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June 9, 2005

Schools must teach Constitution’s history

If the federal government has its way, every Pitt student will get a history lesson on Sept. 17.

A new law requires Pitt, and other federally funded schools, to offer a history lesson on the U.S. Constitution to students on Constitution Day and Citizenship Day, Sept. 17. However, schools can decide how they will offer instruction on the historical document.

This unusual and controversial mandate was introduced by Sen. Robert Byrd, D-West Virginia, who slipped the provision into a federal spending bill for 2005. Historically, course requirements and curricula have been determined by educational institutions and the states, not the federal government. According to the U.S. Department of Education, compliance will be based on an honor system.

Some higher education officials are concerned that the instructional requirement for Constitution Day sets a dangerous precedent of the government telling schools what to teach: “Constitution Day represents a disturbing precedent and shows how easily the Department of Education’s statutory ban on interfering with the curriculum can be disregarded,” said Becky Timmons, senior director for government relations at the American Council on Education.

The Chronicle of Higher Education reported that schools are considering a variety of ways to comply with the new requirement. Some colleges might offer a campus-wide assembly while others might sponsor an Internet chat or a speaking engagement by a Supreme Court justice.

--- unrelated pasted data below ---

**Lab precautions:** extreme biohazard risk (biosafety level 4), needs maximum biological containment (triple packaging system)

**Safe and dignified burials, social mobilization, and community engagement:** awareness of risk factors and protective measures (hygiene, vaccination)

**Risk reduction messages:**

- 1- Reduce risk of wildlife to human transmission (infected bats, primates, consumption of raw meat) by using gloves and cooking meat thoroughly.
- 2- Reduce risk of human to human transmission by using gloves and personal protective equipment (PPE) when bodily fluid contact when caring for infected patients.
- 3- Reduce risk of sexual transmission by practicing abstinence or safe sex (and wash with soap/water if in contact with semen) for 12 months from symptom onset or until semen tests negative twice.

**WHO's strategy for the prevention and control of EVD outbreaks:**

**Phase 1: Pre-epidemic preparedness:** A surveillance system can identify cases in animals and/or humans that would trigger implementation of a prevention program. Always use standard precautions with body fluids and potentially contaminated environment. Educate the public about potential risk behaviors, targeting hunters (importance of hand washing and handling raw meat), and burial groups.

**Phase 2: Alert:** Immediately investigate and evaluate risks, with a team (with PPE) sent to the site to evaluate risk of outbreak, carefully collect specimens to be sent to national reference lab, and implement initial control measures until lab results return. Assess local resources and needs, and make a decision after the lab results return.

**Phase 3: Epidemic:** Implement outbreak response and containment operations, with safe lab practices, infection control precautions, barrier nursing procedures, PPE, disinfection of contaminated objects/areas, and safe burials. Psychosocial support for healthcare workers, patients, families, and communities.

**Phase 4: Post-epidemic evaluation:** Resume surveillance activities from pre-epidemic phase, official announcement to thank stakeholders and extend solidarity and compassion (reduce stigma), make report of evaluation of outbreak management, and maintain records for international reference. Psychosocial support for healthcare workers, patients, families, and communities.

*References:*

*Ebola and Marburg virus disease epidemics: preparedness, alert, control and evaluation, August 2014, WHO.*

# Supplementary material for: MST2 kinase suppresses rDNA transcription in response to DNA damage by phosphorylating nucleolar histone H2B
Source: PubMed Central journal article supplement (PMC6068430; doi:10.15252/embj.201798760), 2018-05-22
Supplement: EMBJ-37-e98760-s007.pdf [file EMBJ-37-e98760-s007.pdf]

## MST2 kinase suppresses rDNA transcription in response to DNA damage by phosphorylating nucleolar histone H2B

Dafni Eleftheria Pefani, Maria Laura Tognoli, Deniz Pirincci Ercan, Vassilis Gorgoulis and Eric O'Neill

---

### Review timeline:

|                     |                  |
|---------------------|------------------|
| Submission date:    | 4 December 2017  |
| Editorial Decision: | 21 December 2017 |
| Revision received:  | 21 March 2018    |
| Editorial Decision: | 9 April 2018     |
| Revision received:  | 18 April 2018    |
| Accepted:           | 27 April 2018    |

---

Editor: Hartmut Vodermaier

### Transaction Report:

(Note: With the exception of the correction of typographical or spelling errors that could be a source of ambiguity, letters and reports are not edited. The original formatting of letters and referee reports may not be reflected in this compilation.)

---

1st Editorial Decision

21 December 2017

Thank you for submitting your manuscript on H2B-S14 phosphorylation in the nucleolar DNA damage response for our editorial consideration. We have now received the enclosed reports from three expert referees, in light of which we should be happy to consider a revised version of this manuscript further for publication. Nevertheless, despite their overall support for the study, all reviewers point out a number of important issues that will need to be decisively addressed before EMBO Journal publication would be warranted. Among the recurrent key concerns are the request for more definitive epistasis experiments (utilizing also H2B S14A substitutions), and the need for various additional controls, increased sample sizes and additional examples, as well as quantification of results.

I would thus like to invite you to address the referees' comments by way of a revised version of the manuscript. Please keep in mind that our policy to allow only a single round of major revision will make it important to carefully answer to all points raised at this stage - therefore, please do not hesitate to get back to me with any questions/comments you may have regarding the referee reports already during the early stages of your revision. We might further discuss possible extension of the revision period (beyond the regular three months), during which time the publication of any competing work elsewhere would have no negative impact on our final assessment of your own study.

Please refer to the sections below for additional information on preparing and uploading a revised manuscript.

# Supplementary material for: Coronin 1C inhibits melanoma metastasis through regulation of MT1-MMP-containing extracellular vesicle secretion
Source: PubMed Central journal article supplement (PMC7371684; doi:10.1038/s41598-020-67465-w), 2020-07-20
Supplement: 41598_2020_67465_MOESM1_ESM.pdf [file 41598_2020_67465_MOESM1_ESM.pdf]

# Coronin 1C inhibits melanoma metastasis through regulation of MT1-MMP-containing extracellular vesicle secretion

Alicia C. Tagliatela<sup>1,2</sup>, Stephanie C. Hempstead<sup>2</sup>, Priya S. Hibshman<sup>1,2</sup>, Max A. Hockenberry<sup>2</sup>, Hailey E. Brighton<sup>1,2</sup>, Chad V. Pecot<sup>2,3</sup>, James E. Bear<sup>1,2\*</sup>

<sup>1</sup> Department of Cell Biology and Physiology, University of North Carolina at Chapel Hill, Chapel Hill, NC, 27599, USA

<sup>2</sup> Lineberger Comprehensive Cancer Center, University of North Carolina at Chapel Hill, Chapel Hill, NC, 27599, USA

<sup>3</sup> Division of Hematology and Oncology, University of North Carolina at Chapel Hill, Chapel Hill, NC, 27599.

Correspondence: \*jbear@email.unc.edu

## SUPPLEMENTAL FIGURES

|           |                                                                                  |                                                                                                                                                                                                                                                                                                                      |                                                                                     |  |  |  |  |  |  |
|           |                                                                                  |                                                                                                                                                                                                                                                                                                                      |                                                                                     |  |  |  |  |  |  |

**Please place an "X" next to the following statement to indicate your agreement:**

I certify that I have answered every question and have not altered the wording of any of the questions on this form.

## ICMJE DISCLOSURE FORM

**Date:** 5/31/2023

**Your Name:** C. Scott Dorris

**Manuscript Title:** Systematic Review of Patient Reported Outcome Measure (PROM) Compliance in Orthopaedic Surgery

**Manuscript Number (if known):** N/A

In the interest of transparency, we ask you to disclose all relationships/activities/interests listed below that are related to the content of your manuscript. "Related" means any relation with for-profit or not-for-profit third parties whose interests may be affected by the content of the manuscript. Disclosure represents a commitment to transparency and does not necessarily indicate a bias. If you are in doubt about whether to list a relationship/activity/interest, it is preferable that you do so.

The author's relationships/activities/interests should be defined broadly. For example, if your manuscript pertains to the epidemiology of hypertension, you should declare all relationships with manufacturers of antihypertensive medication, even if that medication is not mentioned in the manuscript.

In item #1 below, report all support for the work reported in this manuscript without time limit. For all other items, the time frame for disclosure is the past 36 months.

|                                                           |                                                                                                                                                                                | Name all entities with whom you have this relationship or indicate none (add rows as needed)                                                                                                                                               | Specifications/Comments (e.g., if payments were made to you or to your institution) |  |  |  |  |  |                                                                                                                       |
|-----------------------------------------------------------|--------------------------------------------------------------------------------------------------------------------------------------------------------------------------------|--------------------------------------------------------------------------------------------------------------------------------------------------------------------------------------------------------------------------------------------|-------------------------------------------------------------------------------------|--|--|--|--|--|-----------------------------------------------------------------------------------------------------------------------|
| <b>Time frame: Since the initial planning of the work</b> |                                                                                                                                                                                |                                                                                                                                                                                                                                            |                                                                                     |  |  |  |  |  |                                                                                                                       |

Pitt is working on Constitution Day plans, according to Provost James V. Maher. “The University welcomes this opportunity to offer scholarly reflection from our faculty on this very important text,” he said. “I am still in discussion with our deans on what sort of forum we will offer our students and the best means to learn more about the Constitution.”

Byrd emphasized the importance of educational institutions deciding for themselves how to offer instruction on the Constitution: “I am pleased that the Department of Education’s guidelines reflect my motivation for writing the legislation, namely, to allow students to learn more about our cherished Constitution. Each school can rely on the ingenuity of its educators to determine how best to present its own program on the Constitution.”

According to his press office, Byrd pressed for the provision for mandatory teaching of the Constitution because the meaning of the document could slip away from the average citizen.

“Studies have shown that many Americans are hugely ignorant about history. Yet, our Constitution is rooted in history— history that includes the theories, judgments, real life experiences and sacrifices of millions of men and women for generations which go back even a thousand years and beyond,” Byrd stated.

The new Constitution Day education requirement also applies to elementary and secondary schools that receive federal funding as well as to federal agencies and their employees.

—Mary Ann Thomas

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